July 09, 2021


In December, we discussed COVID-19 vaccinations in our article titled “EEOC Issues New Guidance Regarding COVID-19 Vaccine Mandates in the Workplace.”  We recently reviewed the topic of COVID-19 vaccinations and would like to provide additional clarification for employers.

One of the major issues surrounding COVID-19 vaccinations is whether vaccinations may be mandated.  As early as 1905, the Supreme Court held in Jacobson v. Massachusetts that a state may mandate vaccinations as an exercise of police power.  Typically, vaccination mandates exist for the purposes of education law, international law, and labor law.  There are three exemptions to such mandates:  medical exemptions, religious exemptions, and philosophical exemptions.  While all states have medical exemptions to mandatory vaccinations and all but six states recognize religious exemptions, only a minority of states maintain philosophical exemptions to vaccinations.

An employer is entitled to mandate vaccinations for some or all employees.  However, all similarly-situated employees must be treated the same.  For example, an employer may mandate vaccinations for all employees who travel or for all employees who regularly interact with clients.  Furthermore, the EEOC issued guidance stating that vaccination mandates are subject to the Americans with Disabilities Act (ADA) and Title VII of the Civil Rights Act of 1964.

To comply with the ADA, an employer must provide an accommodation for an employee with a medical exemption, unless such accommodation would pose an undue hardship on the employer.  To comply with Title VII, a reasonable accommodation must be offered to an employee with a religious exemption.  An employer may not require a statement from a religious authority on the need to remain unvaccinated, because this constitutes a violation of equal protection under the law.  An employer should also remain aware that retaliation against employees who protest vaccination mandates is a violation of collective bargaining rights under the National Labor Relations Act (NLRA).

If an employer chooses not to exercise vaccination mandates, the employer may provide incentives for employees to get vaccinated.  However, the EEOC warned that offering incentives may be coercive if the vaccination is not given by a third party.  To avoid risk of coercion, an employer may offer incentives to both vaccinated and non-vaccinated employees.  For example, incentives may be offered for receiving the vaccination or for watching a health safety video.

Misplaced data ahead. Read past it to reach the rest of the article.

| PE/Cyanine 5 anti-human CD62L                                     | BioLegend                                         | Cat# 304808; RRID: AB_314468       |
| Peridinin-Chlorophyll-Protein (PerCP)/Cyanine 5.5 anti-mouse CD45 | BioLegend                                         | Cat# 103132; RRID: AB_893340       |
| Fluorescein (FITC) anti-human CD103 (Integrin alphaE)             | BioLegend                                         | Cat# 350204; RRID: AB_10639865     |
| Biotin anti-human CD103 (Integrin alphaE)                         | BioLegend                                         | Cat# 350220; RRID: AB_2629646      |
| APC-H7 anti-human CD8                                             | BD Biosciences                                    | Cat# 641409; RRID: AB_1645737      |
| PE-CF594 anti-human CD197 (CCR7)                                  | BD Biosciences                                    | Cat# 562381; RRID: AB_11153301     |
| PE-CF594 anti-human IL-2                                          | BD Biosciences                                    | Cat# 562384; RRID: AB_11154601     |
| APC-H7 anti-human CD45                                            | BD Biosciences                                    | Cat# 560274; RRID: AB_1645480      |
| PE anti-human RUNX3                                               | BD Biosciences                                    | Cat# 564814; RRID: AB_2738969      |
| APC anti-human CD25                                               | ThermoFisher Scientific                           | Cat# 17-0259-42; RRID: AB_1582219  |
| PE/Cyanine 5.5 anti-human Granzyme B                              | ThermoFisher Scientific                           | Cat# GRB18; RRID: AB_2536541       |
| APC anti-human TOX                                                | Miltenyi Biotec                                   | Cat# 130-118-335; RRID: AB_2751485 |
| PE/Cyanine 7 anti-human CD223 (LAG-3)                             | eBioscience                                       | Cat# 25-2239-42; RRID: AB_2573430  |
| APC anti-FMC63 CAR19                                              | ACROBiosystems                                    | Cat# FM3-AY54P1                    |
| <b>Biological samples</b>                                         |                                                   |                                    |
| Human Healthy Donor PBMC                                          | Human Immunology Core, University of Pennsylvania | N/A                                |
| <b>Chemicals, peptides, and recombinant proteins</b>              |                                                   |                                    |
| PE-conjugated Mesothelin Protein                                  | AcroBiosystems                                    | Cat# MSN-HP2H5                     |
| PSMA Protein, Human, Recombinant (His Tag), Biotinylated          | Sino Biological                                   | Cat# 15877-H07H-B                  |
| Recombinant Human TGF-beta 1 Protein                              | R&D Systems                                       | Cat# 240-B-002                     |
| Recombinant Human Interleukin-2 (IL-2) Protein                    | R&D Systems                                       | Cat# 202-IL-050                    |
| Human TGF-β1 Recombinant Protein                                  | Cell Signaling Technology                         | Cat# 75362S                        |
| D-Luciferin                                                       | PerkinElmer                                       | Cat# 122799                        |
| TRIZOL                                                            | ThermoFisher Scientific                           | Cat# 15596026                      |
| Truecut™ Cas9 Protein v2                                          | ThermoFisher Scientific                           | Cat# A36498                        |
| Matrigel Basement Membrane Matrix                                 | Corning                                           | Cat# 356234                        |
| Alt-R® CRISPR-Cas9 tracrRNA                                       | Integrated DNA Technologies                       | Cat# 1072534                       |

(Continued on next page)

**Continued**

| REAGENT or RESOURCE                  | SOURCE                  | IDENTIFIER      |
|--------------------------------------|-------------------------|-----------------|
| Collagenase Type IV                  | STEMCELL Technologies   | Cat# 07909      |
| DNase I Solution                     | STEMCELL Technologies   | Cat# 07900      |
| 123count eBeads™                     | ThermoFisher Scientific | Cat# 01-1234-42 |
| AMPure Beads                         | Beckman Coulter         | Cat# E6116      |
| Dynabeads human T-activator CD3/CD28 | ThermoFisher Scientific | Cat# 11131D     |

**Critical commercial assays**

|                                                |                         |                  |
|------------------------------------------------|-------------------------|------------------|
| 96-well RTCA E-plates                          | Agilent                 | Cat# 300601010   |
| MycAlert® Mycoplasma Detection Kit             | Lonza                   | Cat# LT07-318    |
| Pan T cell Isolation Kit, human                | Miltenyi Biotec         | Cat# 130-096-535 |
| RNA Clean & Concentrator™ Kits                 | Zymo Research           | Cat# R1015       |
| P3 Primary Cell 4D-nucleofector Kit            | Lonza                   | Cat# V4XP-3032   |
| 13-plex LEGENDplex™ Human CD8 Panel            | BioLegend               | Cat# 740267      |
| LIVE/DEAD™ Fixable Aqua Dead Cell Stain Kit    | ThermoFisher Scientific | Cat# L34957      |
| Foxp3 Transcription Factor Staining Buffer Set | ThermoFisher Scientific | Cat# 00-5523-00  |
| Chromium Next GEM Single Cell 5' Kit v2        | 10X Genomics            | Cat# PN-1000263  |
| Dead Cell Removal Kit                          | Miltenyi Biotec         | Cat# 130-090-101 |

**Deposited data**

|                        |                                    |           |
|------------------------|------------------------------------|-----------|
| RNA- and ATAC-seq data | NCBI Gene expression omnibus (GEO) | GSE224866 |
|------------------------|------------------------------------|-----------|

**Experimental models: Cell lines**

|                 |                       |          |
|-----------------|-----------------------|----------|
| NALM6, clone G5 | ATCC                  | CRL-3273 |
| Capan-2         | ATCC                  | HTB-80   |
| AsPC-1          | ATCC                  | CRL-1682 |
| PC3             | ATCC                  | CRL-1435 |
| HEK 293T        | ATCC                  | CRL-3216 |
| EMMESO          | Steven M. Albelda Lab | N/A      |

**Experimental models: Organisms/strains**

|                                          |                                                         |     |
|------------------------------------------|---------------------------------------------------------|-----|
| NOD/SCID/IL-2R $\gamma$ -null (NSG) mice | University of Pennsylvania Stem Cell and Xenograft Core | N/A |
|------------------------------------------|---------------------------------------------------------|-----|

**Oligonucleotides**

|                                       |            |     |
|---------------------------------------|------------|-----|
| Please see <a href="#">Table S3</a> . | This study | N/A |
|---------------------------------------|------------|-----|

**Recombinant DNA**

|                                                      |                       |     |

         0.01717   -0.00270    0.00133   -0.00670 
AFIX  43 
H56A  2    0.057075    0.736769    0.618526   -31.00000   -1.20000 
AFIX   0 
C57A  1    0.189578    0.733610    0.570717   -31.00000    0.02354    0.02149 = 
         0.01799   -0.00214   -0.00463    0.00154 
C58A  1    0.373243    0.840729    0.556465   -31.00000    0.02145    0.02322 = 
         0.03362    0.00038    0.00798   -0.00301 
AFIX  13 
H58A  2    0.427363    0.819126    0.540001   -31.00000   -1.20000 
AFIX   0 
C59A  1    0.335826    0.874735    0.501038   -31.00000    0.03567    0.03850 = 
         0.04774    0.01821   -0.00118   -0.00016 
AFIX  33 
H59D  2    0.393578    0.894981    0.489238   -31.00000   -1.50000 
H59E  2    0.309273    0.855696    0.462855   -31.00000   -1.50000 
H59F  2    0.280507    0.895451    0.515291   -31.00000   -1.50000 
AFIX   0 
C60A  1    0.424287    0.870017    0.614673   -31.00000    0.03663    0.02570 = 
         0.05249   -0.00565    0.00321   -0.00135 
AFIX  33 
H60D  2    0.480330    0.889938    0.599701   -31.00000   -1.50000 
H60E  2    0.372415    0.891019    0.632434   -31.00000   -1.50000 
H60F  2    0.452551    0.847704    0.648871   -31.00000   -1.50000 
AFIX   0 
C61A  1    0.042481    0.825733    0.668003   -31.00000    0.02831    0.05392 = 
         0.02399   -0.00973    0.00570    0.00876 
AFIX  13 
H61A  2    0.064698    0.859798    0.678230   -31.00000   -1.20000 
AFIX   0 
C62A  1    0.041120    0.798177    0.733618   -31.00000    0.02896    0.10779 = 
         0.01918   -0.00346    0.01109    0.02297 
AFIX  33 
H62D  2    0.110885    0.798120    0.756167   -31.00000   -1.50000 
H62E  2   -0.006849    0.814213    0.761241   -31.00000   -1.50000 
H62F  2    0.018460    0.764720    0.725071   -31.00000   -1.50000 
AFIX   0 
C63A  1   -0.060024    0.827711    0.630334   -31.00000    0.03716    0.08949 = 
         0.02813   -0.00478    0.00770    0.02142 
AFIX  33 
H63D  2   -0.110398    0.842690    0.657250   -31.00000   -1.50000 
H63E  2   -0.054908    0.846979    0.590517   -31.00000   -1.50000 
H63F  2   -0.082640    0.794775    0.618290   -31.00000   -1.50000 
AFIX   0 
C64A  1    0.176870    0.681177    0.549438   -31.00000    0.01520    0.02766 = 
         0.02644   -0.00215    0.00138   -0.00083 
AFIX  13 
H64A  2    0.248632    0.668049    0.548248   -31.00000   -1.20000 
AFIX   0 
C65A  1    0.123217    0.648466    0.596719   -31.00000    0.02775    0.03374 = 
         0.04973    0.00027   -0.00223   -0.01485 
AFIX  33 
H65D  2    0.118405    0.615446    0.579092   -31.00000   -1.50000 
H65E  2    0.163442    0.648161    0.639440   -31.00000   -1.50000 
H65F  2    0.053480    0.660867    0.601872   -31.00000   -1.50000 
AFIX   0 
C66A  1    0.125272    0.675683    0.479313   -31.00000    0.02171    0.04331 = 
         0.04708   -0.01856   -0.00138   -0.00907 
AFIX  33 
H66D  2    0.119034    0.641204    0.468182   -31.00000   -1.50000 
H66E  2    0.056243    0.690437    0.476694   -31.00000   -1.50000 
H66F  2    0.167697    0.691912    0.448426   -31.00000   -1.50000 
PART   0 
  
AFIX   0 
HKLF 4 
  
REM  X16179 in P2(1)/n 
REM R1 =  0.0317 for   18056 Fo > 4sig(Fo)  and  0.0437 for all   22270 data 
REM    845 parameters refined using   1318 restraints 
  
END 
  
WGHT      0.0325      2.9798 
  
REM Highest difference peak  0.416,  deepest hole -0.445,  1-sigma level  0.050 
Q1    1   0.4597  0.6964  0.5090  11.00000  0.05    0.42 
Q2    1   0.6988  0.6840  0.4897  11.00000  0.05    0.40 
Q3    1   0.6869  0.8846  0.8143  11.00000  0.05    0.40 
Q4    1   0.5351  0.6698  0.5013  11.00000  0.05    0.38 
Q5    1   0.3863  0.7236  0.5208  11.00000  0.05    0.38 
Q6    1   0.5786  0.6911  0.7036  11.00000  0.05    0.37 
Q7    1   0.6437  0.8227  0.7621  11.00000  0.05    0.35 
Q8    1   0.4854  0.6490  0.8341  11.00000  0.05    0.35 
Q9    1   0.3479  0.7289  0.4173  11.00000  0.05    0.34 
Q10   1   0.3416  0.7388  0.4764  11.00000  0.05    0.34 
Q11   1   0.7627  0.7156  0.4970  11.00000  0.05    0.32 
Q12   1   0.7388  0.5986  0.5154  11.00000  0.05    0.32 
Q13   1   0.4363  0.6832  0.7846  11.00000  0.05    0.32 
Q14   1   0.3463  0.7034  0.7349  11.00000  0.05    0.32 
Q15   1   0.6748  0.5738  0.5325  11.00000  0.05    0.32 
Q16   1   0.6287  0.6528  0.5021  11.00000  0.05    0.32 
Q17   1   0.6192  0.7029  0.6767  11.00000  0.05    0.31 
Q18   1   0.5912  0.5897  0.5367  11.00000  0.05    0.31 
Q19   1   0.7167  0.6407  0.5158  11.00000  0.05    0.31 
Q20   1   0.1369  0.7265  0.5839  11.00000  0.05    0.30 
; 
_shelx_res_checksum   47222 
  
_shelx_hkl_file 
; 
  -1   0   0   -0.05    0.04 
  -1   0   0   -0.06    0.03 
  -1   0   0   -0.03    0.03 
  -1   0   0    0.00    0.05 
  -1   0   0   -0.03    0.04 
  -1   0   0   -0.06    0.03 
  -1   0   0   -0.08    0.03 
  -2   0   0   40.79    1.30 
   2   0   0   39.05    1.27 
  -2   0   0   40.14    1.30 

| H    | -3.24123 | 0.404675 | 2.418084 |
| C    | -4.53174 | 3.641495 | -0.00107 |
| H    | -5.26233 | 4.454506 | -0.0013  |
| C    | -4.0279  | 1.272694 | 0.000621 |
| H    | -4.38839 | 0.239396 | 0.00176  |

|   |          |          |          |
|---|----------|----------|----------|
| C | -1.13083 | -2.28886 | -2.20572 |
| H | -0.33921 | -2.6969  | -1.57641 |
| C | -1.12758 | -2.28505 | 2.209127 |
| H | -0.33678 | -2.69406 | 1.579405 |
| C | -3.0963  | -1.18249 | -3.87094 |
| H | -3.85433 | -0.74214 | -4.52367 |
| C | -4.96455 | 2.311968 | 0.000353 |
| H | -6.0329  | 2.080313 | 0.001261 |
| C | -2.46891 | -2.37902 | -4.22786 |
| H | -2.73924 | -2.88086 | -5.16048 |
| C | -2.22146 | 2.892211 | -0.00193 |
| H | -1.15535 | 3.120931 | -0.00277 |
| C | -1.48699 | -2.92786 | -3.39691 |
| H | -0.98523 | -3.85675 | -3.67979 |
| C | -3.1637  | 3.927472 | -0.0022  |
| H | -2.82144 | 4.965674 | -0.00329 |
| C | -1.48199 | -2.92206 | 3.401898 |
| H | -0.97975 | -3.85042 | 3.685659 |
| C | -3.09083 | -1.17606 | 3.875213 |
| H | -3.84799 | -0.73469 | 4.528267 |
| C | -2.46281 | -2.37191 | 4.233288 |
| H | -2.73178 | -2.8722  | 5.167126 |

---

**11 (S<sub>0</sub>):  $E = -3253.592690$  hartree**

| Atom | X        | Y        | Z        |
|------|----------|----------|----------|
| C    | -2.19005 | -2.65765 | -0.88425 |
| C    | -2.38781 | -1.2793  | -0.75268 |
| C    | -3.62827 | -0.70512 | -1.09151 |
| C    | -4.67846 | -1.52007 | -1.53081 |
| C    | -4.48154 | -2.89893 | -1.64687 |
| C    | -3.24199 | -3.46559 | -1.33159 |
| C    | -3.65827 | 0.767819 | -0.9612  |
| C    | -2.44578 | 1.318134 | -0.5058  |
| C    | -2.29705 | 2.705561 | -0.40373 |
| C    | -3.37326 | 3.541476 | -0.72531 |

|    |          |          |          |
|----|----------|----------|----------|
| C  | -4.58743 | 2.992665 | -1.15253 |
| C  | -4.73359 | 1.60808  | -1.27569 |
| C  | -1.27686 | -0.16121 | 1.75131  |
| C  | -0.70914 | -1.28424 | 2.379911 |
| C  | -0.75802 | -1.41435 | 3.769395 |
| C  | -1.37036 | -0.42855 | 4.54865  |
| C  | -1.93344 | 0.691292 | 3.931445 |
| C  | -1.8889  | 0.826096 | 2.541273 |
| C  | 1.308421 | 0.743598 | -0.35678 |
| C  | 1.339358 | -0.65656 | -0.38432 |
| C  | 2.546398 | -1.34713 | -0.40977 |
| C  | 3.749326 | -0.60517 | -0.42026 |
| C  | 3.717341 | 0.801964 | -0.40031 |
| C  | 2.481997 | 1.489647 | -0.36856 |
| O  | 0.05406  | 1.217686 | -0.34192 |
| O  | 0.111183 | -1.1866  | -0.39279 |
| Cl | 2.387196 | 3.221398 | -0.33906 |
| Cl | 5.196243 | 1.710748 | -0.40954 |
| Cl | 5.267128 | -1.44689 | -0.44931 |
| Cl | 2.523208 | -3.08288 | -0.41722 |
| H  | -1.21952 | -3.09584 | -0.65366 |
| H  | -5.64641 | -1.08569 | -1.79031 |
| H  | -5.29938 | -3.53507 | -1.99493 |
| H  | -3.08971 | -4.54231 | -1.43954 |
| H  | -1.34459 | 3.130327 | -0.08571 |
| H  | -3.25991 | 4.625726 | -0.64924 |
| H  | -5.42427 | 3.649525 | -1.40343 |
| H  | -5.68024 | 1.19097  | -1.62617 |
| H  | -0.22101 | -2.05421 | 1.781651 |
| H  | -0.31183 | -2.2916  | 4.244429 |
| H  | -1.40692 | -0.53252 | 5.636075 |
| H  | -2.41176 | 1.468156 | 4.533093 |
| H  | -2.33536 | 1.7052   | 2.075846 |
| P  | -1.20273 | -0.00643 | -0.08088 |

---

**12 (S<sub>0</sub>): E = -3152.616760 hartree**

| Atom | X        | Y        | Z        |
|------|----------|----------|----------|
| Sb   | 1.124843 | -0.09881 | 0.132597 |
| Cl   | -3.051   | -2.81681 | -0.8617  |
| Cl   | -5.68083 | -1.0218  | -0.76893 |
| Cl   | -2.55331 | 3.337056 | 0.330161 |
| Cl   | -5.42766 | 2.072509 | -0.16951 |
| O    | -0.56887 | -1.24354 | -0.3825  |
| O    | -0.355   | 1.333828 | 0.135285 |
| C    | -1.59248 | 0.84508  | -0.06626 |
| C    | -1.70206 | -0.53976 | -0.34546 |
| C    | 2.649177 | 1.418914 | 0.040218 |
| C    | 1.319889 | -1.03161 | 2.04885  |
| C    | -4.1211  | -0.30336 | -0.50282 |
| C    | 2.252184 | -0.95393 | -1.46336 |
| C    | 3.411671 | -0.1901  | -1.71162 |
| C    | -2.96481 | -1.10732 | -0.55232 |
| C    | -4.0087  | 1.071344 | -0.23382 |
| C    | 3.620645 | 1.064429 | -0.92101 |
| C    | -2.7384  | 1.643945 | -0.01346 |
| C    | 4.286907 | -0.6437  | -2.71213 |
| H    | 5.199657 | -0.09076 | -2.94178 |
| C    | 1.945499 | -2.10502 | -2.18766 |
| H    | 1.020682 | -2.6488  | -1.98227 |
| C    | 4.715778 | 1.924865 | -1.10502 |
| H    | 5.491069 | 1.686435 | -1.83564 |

An employer may also help facilitate the vaccination process by providing an on-site vaccination clinic or by helping with scheduling vaccination appointments and transportation to appointments.  An employer may also consider having a point person who serves as an in-house source of information related to COVID-19 vaccinations.

Furthermore, an employer should implement best practices by maintaining diligent recordkeeping on employee vaccinations.  Vaccination records should be password protected and separate from other employee records.  Such records are especially important because some vaccinations require booster shots, and employers need to be aware of vaccination timelines to ensure that booster shots are received as needed.

Finally, if an employer deems it wise to mandate or incentivize vaccination for its employees, then the employer must have a written vaccination policy, and this policy should be included in the Employee Handbook and distributed to employees.  Even if an employer decides that COVID-19 vaccinations are not necessary, this too should be provided for in a written policy.  Lastly, employers should schedule training sessions to communicate the company vaccination policy to employees.

If you are in need of assistance in updating your Employee Handbook, please contact one of the attorneys in our Employment Law Group at EmploymentLaw@c-wlaw.com or 1-888-488-2638.